Irish Examiner Letters Page Monday January 28th
‘Abortion is murder’ – an absurd theory Seferin James
RORY O’DONOVAN (Letters, January 8) is mistaken to think Louise Caffrey (Letters, December 29) has failed to recognise the ideological grounds for opposition to the pro-choice position.
I assure Mr O’Donovan that everyone is well aware of the inescapably misogynist nature of the religious institutions that put the “firm belief” into his anti-choice position.
The ideological grounds in question are the grounds of the Catholic school he attended, the grounds of the church which he frequents, the grounds of Golgotha from which he derives the principle of noble suffering which he has effectively prescribed to women in crisis pregnancy. His insistence on using the term “murder” to describe abortion is a disingenuous but all too common equivocation between the two terms.
It is not only politically incorrect, a point to which Mr O’Donovan himself admits — it is also logically incorrect, a point to which “firm belief” is oblivious.
This equivocation reduces the former to absurdity and grossly mischaracterises the latter. Human life does not begin at conception — cell division begins at conception. That which is only potentially a person cannot itself be a person in actuality.
One cannot say that abortion is murder without reducing to absurdity what it means to be a human — the insubstantial notion that humanity just pops into existence when the soul supposedly enters into the foetus at the moment of conception. From where, we might well ask?
I argue that the meaning of moral values are ultimately derived from our ability to empathise with others.
In the case of abortion we are only capable of meaningfully empathising with the woman who finds herself pregnant without her reproductive consent.
To suggest otherwise is a theological fiction.
14 Cedar Square
Dutch figures are not understated Anne- Marie rey
I WISH to respond to the letter from Eilís Grealy headlined ‘Dutch abortion figures understated’ (January 21).
This is one of those endlessly ruminated anti-abortion myths. In fact, Dutch abortion figures are not understated, but among the most accurate worldwide.
Every abortion is notified, including the so-called overtime treatments (very early abortions up to 44 days from last menstrual period).
One simple reason for the accuracy of the figures is that doctors only get paid by social insurance for those abortions they notify. You can be sure that Dutch doctors do not like very much to do unpaid work — no more than doctors in other countries.
The Dutch abortion rate per 1,000 women aged 15-44 (which is a more telling measure for the occurrence of abortions than the abortion ratio per 100 births) has remained stable since 2001, after a short period of rising slightly in the 1990s. It was 8.6/1,000 in 2006.
Switzerland has followed the Dutch model and after a very liberal abortion practice for many years, it legalised abortion on request in the first 12 weeks of pregnancy in 2002.
In 2006 — the forth year under the new law — the abortion rate continued to fall and reached an all-time low, with 6/1,000 women, a rate even lower than the Dutch one.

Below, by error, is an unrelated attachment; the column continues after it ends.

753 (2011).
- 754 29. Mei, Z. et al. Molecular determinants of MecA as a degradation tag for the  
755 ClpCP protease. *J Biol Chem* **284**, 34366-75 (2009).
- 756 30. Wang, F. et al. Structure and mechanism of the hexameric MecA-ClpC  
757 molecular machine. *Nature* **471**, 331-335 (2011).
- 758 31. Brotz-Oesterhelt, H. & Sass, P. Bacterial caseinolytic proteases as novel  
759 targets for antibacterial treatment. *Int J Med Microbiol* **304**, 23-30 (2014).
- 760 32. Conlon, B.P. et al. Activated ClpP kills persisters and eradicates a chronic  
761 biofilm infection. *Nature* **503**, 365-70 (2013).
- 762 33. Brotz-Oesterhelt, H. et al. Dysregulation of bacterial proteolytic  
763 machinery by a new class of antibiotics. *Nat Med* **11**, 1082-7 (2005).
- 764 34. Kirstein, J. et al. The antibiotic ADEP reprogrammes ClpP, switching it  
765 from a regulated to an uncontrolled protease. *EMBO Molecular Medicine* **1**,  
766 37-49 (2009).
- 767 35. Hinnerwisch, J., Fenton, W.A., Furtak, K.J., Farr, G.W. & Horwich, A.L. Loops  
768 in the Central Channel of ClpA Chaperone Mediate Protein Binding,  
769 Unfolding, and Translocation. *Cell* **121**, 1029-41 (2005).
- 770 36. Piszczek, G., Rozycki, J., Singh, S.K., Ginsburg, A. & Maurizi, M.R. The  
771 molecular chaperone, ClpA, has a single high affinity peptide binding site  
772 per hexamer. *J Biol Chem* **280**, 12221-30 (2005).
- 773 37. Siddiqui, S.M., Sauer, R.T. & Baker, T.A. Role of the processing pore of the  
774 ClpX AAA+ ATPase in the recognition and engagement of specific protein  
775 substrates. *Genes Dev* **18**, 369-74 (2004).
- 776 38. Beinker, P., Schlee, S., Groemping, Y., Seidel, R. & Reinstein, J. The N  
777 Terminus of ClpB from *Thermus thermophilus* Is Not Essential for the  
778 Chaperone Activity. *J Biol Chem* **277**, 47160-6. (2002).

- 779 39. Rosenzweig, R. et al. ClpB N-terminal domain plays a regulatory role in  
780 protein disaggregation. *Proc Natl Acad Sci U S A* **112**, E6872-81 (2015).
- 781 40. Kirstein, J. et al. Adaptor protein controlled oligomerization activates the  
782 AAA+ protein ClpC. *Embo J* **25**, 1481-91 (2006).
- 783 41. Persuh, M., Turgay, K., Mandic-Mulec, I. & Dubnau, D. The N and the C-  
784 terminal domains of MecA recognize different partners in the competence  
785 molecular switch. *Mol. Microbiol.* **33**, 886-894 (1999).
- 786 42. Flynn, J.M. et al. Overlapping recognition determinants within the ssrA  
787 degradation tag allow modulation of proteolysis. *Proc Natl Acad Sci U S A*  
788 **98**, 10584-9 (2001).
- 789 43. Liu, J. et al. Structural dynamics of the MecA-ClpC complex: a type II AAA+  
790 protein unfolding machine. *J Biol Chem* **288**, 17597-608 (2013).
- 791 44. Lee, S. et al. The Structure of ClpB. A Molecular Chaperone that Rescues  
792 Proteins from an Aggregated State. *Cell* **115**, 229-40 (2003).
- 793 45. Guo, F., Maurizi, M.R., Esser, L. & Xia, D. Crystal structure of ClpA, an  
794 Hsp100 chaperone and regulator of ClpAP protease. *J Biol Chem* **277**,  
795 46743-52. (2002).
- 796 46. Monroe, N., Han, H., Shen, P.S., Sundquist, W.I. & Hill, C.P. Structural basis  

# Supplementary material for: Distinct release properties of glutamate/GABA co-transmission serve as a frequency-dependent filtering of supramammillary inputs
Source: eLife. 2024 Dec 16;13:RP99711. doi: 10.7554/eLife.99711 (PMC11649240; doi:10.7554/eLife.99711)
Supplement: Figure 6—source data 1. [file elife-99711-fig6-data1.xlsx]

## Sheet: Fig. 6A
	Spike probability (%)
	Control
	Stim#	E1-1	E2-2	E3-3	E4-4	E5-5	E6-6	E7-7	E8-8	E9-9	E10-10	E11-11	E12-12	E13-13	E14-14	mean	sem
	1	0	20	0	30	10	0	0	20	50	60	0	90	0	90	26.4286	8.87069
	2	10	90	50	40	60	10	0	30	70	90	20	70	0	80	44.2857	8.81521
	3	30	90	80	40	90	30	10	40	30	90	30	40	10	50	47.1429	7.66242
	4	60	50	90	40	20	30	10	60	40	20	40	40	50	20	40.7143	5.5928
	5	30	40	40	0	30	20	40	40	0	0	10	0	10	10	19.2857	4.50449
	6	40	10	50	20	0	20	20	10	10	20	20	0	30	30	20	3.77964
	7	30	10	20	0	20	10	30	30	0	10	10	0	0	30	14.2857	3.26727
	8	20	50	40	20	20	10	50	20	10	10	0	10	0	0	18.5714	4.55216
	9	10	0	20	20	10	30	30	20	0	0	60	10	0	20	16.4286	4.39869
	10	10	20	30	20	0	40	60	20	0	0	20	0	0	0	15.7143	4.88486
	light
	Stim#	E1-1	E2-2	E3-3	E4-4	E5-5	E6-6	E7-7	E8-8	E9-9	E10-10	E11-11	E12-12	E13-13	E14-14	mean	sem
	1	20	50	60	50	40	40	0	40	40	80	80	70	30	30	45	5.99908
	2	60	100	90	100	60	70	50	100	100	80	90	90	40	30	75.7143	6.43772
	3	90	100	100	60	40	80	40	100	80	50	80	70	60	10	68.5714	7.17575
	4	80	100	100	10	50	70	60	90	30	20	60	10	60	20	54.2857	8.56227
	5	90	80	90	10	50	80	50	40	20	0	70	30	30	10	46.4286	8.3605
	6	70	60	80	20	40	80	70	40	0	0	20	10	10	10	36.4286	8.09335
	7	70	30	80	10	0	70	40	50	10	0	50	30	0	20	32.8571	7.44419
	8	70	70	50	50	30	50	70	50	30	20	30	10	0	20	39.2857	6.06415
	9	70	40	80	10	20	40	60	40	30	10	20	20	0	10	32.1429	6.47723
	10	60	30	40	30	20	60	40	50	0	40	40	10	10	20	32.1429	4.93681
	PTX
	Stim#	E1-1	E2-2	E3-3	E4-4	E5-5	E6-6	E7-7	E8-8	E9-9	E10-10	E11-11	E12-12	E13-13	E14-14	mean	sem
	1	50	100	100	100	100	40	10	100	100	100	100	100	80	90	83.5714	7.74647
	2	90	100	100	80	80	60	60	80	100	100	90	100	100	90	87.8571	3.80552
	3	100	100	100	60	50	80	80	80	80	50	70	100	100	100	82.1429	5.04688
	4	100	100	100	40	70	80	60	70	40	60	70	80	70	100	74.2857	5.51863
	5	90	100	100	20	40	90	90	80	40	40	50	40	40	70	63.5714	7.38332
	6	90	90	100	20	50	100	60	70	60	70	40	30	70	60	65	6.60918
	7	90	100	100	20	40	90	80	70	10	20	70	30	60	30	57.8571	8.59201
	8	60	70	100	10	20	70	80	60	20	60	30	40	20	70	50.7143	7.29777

These rates are among the lowest worldwide (note that there are no more illegal abortions in these two countries).
The reasons are good sex education and ready availability of contraception — the morning-after pill, for example, is available over the counter.
IN his letter on abortion (January 8), Rory O’Donovan seeks to draw a distinction between pro-choice campaigners and care for the life of the unborn.
It is a gross injustice to women to suggest the decision to terminate a pregnancy signals a lack of care for the unborn.
Since Mr O’Donovan has never carried a child, one cannot expect him to understand the experience, but to suggest that a woman is not acutely aware of the potential life inside her, of the future prospects of that life and of the world of experience it will be born into — that is just preposterous.
Mr O’Donovan’s suggestion that people who seek a legal choice in the matter have “more in common with those who show concern over the carbon emissions resulting from a trip abroad than the implications for the life of an unborn child” is, I suspect, made in a somewhat sarcastic spirit — but it is in fact very relevant.
Concern over global warming is all to do with the future and those who come after us. While anti-choice campaigners have a deep concern for the life of the unborn child, the reality is that beyond attempting to secure the child’s future, they are powerless over the circumstances into which he or she will be born — and they show little concern about that.
The fact is that women already have the “veto over the lives of their unborn children”, which Mr O’Donovan is so against.
It is a responsibility conferred by virtue of their physical make-up and by modern medical science, and a number of Irish women each day choose to exercise that responsibility by ending their pregnancy, often with no guidance whatsoever.
If the anti-choice lobby was less concerned with salving its own conscience and more with the lives of the mother and and her unborn child, surely it would advocate legislation that includes mandatory counselling for women in crisis situations so they can be sure the decision they make takes into account all the ethics?
Nicki ffrench Davis Georges Quay Cork